Lettuce: more varied than ever

Farmer's Weekly|February 28, 2020

Lettuce: more varied than ever
Lettuce (Lactuca sativa) goes back a long way; it has been cultivated for more than 4 500 years. As with most vegetables, it looked very different when first discovered in the Middle East to the roundish, leafy vegetable we enjoy today.

Lettuce started off as an erect plant with prickly leaves and stems, a bitter taste, and copious quantities of latex. Today, the latex and bitterness emerge when the plants are old and start entering the reproductive stage.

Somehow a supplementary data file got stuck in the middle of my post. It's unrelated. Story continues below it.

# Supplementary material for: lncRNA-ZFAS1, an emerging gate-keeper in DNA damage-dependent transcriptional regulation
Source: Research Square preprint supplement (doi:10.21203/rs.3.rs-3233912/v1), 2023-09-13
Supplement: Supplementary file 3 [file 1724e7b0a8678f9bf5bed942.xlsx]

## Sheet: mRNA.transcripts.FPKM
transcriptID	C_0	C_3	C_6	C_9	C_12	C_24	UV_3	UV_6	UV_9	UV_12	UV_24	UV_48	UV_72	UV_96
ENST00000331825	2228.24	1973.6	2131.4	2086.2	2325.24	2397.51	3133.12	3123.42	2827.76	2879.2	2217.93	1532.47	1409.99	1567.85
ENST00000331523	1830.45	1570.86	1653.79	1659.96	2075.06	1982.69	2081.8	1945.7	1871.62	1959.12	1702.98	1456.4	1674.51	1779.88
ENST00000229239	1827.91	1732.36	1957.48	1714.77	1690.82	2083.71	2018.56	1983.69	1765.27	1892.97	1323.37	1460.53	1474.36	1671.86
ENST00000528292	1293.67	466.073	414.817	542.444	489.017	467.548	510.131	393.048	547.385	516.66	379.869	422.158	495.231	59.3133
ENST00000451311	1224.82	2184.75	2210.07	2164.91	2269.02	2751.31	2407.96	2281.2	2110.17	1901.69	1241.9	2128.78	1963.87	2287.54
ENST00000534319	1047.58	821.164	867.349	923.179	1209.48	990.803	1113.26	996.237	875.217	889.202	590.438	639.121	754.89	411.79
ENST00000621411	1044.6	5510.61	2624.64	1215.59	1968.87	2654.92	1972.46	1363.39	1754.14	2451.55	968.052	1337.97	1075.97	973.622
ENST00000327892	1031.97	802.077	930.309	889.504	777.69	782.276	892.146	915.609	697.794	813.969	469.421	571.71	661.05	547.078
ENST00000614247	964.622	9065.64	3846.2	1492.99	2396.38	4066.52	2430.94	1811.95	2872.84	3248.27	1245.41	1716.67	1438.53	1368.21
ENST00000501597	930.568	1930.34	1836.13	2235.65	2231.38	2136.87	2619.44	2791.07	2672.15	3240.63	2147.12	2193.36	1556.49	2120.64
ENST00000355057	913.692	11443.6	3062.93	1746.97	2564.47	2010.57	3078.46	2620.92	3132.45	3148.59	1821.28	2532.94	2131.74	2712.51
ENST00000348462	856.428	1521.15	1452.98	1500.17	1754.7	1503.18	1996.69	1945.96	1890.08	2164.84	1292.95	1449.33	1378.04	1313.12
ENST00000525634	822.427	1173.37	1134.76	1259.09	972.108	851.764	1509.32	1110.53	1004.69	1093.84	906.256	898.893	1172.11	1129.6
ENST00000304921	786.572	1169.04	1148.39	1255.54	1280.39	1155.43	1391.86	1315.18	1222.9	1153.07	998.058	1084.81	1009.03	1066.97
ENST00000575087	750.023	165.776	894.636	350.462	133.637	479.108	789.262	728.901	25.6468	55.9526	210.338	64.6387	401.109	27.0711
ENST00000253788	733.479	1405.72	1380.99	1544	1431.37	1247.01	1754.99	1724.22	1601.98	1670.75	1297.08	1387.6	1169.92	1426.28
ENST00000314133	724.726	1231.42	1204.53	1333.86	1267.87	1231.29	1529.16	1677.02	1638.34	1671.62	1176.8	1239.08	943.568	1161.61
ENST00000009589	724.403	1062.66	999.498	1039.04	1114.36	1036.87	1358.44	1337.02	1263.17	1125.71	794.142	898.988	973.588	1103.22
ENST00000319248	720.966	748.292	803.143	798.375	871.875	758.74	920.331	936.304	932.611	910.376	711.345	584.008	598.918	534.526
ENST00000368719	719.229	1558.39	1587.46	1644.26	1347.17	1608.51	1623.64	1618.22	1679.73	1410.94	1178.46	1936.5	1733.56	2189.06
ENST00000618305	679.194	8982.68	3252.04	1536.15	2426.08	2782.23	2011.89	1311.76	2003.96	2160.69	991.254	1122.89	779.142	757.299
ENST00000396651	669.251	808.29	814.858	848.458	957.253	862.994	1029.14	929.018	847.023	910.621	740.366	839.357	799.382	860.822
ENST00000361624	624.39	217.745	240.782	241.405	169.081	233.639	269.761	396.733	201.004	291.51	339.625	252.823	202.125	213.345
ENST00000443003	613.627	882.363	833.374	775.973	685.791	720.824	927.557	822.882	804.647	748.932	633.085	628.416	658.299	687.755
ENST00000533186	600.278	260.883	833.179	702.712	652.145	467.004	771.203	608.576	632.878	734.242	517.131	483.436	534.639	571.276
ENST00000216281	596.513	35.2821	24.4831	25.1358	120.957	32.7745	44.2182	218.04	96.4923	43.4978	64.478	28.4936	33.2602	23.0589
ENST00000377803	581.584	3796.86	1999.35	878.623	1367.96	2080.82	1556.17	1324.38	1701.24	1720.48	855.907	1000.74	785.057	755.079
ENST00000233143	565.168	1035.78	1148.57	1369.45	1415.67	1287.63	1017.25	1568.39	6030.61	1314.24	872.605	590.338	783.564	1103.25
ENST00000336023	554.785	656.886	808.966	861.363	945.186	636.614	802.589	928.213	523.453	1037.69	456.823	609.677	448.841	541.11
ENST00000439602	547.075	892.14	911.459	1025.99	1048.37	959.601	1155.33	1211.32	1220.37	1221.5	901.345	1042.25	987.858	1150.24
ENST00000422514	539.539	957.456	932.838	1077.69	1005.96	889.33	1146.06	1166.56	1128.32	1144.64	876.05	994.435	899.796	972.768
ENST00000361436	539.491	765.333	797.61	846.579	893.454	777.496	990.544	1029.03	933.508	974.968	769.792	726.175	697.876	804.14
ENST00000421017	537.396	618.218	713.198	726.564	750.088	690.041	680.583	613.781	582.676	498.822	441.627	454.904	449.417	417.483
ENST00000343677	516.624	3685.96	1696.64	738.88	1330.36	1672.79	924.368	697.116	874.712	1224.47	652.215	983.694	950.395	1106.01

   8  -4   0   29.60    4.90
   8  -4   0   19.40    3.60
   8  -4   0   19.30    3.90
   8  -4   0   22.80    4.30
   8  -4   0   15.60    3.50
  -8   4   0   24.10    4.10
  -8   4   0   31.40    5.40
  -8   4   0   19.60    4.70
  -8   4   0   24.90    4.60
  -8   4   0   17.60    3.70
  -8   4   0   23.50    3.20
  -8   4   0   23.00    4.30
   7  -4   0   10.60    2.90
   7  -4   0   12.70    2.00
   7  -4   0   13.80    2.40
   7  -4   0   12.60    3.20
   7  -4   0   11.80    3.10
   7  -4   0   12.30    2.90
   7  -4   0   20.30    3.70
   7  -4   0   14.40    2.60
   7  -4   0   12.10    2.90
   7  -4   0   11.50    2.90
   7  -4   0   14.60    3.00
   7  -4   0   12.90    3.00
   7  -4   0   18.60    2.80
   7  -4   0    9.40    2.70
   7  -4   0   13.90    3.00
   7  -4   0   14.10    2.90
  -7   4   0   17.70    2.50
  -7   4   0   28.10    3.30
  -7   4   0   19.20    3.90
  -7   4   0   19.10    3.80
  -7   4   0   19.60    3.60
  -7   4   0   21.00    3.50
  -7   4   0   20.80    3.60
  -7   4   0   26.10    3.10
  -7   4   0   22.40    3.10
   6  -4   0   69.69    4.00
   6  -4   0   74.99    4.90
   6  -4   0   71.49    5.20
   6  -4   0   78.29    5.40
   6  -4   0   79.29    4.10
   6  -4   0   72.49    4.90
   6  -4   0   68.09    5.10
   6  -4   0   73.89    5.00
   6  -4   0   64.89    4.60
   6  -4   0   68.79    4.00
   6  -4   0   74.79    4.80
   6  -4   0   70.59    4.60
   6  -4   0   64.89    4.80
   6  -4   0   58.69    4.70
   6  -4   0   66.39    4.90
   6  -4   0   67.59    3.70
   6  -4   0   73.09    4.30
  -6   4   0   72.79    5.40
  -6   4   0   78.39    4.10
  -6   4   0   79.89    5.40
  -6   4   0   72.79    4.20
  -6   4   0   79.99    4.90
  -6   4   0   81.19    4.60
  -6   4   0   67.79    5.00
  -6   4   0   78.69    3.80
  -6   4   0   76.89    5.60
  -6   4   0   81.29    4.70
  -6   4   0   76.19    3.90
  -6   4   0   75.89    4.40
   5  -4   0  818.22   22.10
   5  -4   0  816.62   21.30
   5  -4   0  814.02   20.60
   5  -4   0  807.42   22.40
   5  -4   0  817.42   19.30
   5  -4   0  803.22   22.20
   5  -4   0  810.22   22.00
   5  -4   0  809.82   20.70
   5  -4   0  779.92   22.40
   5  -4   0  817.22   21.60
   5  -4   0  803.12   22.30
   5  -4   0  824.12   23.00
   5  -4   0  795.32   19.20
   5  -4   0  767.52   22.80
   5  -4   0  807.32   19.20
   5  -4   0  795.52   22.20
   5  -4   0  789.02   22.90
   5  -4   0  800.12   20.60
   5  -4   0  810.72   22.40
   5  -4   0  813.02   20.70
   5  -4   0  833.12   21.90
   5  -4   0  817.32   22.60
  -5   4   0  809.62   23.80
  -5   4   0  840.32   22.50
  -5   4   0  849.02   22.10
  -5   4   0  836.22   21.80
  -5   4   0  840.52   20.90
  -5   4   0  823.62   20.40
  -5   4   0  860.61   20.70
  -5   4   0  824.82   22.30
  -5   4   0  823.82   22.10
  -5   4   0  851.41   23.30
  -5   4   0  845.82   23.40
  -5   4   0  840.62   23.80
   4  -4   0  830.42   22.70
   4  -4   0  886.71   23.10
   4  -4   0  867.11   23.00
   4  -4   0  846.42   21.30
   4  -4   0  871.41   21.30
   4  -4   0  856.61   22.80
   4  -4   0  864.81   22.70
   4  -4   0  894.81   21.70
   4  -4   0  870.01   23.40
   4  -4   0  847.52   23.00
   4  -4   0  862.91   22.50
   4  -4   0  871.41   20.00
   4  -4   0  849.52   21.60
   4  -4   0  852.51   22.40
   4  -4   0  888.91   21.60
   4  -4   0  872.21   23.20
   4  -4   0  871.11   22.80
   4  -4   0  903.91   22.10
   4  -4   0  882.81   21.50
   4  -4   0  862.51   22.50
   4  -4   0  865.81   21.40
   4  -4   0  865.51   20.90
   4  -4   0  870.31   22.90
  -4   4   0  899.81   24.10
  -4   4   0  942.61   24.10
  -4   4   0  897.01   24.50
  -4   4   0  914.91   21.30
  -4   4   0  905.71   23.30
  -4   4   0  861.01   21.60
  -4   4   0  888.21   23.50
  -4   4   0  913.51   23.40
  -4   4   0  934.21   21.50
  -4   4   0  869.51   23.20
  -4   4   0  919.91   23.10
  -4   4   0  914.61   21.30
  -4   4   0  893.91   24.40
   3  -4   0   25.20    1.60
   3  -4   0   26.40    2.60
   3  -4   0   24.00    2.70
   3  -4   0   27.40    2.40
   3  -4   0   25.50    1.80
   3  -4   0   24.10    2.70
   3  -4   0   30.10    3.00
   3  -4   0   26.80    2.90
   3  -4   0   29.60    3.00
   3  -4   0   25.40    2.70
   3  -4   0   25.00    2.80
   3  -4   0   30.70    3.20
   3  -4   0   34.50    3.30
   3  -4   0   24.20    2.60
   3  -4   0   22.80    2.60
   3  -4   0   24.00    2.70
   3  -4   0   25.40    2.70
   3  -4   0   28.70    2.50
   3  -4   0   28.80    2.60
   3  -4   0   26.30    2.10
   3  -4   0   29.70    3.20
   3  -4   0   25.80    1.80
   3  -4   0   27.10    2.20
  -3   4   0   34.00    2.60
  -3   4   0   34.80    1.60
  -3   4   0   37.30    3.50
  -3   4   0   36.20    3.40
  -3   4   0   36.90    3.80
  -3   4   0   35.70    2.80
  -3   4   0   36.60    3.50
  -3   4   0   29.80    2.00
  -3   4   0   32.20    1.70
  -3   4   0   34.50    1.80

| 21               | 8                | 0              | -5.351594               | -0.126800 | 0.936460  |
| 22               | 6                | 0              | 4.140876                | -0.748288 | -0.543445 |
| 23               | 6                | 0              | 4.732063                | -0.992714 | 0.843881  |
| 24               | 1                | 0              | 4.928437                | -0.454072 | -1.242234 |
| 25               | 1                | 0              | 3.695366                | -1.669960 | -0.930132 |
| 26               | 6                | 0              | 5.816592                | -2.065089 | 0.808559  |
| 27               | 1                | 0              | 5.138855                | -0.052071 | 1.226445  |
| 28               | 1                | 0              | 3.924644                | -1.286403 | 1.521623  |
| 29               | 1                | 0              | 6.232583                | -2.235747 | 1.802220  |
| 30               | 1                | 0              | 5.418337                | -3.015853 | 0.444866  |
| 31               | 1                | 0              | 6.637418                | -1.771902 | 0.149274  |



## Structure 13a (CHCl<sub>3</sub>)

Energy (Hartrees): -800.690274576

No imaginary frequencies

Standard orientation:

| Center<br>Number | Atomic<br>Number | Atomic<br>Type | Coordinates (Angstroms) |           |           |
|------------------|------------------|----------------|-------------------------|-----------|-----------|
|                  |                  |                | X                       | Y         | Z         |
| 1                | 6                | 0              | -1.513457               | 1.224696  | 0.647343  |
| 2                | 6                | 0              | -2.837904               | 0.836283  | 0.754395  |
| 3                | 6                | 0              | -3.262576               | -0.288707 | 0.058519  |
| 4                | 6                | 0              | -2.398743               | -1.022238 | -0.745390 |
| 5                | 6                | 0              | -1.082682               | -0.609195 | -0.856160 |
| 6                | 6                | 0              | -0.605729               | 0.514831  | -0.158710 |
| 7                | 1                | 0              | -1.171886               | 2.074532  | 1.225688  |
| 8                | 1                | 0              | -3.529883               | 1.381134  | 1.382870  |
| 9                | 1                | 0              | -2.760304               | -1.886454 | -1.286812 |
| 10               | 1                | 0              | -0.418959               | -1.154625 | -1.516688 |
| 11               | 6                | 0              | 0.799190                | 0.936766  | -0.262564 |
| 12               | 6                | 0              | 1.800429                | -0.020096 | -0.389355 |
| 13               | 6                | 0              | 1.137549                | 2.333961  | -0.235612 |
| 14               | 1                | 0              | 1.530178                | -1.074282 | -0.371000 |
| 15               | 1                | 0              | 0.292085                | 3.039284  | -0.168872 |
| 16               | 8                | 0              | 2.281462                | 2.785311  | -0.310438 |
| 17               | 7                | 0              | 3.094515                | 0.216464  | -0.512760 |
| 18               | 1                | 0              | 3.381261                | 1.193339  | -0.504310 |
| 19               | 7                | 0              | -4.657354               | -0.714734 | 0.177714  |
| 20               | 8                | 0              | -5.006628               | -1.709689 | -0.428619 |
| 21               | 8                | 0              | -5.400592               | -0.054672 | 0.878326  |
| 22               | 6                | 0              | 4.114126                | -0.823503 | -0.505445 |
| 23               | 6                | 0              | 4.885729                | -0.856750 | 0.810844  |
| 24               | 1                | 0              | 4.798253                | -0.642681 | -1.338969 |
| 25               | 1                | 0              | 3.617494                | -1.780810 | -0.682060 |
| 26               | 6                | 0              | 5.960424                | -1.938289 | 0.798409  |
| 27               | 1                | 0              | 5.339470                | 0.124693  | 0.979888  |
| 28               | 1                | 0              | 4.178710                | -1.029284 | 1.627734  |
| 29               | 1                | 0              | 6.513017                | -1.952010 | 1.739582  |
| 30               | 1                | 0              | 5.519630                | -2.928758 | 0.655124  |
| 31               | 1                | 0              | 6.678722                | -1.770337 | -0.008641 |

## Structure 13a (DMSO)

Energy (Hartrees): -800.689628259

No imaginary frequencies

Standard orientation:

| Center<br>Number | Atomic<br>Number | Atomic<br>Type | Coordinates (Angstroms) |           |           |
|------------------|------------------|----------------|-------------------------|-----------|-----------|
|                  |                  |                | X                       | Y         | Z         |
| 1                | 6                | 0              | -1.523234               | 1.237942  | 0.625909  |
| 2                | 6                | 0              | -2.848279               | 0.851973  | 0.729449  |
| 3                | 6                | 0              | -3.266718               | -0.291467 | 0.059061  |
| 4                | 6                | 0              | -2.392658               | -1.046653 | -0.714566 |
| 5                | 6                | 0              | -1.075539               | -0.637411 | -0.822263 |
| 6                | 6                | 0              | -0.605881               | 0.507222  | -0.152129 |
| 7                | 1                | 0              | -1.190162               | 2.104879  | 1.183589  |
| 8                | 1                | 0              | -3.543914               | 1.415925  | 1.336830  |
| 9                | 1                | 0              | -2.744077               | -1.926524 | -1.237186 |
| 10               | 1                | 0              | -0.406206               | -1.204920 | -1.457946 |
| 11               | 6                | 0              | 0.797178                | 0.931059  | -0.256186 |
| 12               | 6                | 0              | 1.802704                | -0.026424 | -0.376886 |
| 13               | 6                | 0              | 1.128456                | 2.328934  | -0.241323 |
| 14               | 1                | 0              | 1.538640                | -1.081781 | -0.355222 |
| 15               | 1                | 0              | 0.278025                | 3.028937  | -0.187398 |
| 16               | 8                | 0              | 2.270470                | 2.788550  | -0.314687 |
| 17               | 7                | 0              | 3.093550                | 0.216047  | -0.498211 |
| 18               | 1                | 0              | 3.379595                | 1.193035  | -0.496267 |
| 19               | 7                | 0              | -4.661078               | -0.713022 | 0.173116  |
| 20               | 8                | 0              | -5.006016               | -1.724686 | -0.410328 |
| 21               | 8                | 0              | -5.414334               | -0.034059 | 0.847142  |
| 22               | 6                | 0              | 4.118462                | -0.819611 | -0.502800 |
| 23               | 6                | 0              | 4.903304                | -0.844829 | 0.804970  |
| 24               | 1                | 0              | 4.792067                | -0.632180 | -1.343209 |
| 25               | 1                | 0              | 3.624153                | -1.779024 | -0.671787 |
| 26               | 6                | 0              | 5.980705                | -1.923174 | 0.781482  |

New lettuce varieties are less likely to become bitter, and also have a far lower latex content.

Over the centuries, the original wild types have been bred into a wide array of varieties and a number of different colours, which makes them more attractive and, in some cases, more nutritious. The reddish hues contain anthocyanin, a valuable antioxidant.

Broadly speaking, there are four types of lettuce:

• Iceberg lettuce Crisphead, or iceberg, lettuce is the most popular type in many countries. The name ‘iceberg’ was derived from the practice of shipping these vegetables from California to distant destinations covered in crushed ice.


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February 28, 2020